THE BELL WEEKLY: Rich Russians are bringing their money back home

The Bell

Hello! This week we cover Russian millionaires repatriating their cash from abroad, despite the threat of nationalization and higher taxes. We also cover another border closure for Russian tourists and Moscow moving to recognise the Taliban government in Afghanistan.

The Great Repatriation: Russian millionaires bring their cash back to the Motherland

After trying to send their money overseas in the immediate aftermath of Moscow’s invasion of Ukraine, wealthy Russians are now bringing their millions back home, new data shows. The number of high net worth individuals jumped back above pre-war levels last year, after falling in 2022. Some 22,000 wealthy Russians account for almost $150 billion stashed in domestic bank accounts — around a quarter of the national total.

  • In 2023, the funds held by high net worth clients — defined as those with more than 100 million rubles ($1.1 million) — in Russian banks and investment companies jumped by 62% to 13.1 trillion rubles ($148 billion), research from banking consultancy Frank RG showed. The number of those who qualify among the ranks of the country’s wealthiest jumped 50% to 22,000, with their combined assets accounting for 23% of Russia’s total financial capital. The cohort of super-rich banking clients, with at least $5.5 million of assets, grew even faster, up 62%.
  • That marks a major reversal from 2022, when capital flowed in the opposite direction. Frank RG figures for the first year of the war showed a 21% fall in the number of high-net worth individuals, and a 27% drop among the super-rich category. The combined capital they held dropped by more than 20%. A panicked transfer of funds abroad after Russia invaded, combined with the plummeting stock market and the transfer of cash into non-liquid assets such as gold and foreign property also had an impact on bank balances.
  • Many factors are behind the revival in 2023. Thanks to high interest rates (the central bank’s key rate is currently 16%), Russian banks are currently a profitable place to deposit cash. And after a collapse in 2022, the Russian stock market was up 44% in 2023. No less important than these financial factors was the political climate. Russian money turned out to be unwelcome in the West. Threatened with sanctions and the freezing of their assets, billionaires transferred tens of billions back into the relative safety of Russian jurisdiction. Bloomberg reported earlier this month that the richest Russians were continuing to repatriate their funds, even while they recognized the increasing domestic threat of forced nationalization.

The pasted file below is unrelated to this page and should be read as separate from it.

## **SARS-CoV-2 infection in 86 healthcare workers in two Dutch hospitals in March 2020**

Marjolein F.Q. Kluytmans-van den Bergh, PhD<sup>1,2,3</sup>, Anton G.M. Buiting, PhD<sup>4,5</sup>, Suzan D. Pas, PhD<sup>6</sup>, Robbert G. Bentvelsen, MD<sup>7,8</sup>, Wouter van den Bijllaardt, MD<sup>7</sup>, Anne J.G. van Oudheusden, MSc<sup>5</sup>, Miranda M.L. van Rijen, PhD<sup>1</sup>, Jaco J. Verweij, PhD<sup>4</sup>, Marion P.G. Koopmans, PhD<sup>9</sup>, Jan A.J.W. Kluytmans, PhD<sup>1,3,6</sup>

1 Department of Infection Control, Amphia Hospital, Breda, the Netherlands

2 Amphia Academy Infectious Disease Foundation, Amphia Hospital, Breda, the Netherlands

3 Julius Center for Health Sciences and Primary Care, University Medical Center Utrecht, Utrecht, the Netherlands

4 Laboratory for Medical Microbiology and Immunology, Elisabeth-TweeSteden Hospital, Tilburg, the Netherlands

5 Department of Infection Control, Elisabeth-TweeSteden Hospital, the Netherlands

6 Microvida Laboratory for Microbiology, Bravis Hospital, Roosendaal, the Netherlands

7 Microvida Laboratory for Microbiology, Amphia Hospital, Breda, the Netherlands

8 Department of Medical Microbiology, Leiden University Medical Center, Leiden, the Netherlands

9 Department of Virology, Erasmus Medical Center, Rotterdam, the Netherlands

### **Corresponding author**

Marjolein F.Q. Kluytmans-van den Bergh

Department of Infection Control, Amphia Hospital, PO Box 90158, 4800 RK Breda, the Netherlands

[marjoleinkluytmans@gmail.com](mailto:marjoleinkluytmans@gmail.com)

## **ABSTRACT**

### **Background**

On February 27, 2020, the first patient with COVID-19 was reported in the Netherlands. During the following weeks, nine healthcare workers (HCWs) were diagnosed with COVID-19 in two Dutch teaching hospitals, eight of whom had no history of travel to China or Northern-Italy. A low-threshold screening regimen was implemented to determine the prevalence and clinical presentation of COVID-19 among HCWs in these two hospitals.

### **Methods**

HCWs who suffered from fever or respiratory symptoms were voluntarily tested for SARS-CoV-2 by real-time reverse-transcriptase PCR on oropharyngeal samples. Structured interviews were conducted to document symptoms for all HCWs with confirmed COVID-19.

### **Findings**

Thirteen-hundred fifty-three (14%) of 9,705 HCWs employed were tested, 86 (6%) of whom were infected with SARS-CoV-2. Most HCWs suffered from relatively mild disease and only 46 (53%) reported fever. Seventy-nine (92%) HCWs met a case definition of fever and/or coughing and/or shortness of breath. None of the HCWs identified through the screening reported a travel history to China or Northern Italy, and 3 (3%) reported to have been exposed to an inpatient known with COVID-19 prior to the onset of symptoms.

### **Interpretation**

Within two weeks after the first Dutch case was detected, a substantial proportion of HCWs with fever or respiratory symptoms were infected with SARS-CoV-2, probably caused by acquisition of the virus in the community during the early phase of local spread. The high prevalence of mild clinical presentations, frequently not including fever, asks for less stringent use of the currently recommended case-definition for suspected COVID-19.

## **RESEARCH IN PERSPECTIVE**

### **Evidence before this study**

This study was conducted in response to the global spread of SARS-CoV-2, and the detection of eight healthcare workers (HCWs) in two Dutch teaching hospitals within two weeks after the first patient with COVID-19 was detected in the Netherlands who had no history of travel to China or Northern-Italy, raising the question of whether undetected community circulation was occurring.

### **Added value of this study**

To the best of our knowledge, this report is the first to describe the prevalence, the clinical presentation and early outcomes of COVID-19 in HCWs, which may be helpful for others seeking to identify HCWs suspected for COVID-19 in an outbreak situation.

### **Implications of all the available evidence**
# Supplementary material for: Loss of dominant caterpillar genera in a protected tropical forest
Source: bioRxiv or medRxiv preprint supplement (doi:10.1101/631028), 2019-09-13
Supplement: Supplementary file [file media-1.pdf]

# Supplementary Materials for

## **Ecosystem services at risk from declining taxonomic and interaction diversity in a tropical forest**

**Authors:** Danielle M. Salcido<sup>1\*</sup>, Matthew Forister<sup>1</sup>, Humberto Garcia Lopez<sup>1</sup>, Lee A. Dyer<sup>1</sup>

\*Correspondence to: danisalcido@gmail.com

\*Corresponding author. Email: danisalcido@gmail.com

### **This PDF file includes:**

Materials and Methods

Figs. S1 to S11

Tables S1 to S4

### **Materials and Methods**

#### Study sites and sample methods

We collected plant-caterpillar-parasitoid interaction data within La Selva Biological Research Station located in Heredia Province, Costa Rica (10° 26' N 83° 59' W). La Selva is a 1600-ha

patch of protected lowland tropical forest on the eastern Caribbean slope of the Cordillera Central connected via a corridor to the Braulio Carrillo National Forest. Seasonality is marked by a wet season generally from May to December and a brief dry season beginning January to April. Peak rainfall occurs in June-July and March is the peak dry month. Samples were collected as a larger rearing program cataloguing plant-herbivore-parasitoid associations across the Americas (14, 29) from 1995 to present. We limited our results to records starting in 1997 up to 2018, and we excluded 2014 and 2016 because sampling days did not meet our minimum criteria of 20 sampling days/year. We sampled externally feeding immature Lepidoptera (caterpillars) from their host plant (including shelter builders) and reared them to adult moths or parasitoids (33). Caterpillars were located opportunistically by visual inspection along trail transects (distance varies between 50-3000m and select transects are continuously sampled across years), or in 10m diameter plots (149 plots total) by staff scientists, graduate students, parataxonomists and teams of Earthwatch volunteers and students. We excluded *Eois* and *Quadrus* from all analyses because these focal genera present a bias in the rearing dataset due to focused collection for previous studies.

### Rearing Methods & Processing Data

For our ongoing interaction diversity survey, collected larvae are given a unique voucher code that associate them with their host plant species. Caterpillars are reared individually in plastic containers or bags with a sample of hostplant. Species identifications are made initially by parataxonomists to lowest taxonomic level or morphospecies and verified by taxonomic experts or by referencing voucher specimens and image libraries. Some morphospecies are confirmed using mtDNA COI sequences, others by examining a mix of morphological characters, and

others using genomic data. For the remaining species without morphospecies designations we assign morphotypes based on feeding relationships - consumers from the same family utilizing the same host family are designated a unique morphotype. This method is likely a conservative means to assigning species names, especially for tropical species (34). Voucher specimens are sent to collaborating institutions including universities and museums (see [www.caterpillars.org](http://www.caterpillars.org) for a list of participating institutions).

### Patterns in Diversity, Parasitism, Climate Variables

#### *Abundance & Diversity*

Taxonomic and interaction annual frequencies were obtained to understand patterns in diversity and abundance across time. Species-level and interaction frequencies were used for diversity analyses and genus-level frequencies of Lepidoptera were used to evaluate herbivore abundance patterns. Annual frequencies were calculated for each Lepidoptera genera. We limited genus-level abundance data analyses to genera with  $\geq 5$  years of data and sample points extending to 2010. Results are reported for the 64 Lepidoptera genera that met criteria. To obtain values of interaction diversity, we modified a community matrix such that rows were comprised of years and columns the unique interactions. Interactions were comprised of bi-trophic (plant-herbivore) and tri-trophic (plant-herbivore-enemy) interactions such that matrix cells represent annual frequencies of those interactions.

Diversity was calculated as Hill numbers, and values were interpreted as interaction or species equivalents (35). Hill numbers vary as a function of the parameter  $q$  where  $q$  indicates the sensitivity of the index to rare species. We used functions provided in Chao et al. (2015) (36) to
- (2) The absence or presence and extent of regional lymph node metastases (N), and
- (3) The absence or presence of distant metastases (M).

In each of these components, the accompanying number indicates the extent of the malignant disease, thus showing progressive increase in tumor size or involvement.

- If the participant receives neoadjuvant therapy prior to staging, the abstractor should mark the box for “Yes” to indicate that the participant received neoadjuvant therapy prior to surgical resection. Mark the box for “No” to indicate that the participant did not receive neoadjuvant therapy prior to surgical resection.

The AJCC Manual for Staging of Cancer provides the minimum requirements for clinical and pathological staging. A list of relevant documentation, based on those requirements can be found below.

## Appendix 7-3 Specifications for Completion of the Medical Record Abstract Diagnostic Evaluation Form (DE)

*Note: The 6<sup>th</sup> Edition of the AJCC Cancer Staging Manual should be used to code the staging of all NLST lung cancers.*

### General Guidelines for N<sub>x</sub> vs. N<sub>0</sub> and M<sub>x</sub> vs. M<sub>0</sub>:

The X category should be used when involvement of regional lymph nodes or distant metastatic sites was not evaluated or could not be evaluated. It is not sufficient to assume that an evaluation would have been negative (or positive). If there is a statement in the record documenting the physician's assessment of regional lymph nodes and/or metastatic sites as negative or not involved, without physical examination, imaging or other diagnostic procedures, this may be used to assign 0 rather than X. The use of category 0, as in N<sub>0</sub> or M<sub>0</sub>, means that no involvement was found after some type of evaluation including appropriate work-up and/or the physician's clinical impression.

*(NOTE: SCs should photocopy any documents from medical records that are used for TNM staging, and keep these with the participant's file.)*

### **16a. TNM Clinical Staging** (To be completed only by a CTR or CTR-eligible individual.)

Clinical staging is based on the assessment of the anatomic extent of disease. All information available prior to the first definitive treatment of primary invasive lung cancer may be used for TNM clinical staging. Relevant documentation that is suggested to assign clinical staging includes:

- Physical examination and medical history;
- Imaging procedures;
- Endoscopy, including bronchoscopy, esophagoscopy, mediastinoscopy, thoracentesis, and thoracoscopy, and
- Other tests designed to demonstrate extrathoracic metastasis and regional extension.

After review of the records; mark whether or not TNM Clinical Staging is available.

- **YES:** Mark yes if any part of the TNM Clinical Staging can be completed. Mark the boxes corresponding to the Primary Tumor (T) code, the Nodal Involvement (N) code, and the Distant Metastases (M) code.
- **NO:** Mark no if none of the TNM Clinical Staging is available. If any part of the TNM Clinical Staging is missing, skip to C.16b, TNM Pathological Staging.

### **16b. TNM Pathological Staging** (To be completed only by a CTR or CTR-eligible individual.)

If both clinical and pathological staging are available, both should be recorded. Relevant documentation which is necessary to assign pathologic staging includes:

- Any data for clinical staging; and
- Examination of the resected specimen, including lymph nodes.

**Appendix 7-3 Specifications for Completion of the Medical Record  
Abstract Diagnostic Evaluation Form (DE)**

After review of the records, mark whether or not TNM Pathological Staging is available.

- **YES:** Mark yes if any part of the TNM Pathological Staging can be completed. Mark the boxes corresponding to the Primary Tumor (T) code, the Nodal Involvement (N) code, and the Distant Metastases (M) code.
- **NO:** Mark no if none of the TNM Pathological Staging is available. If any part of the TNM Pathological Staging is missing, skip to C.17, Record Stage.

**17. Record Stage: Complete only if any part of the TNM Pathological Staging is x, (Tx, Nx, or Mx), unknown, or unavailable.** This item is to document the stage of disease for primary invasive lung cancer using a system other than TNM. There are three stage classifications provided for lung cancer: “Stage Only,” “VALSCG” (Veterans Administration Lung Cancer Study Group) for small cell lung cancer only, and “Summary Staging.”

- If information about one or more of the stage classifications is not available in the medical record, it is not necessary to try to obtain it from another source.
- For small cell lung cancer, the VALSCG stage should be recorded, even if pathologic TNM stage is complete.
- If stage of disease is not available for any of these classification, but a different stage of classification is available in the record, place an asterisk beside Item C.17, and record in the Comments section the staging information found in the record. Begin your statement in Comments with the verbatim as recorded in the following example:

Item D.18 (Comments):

• It is not just double-digit interest rates and the chance to strike it rich on the back of the militarization of the economy that await rich Russians investing at home. Higher taxes are also on the cards. Last week the State Duma was busy discussing tax reforms — the central plank of which will be an increase in income tax for the upper middle class (those with monthly income above $1,700) and corporate tax. President Vladimir Putin is leaning on the poorer segments of Russian society more and more for his support, meaning the country’s economic policy is inevitably drifting to the left. In the 2024 May decrees, Putin’s program for his latest presidential term, reducing wealth inequality was named a “national goal” for the first time.

Why the world should care

We never tire of pointing out that sanctions against individual Russian billionaires are probably the most dangerously ineffective of the West’s measures against Moscow. From day one, Western countries have put obstacles in the way of capital flowing out from Russia — something that could have seriously weakened the Russian economy — meaning wealthy Russians had little choice but to bring their money home. Now those funds are being tapped to spend on the war.

Europe’s last land border closes to Russian tourists

Norway has announced that it is closing its land border with Russia, the last remaining land crossing to Europe that was open to Russian tourists. During the 2022 mobilization, this was a popular way for Russians who did not want to be forced into the war to leave the country.

  • From May 29, Norway will ban entry for Russian citizens traveling as tourists and “non-essential” purposes. Exceptions may be possible for those traveling to visit close relatives, for work or study. The Norwegian government said the new restrictions were needed to support its allies in their response to Russia’s war in Ukraine.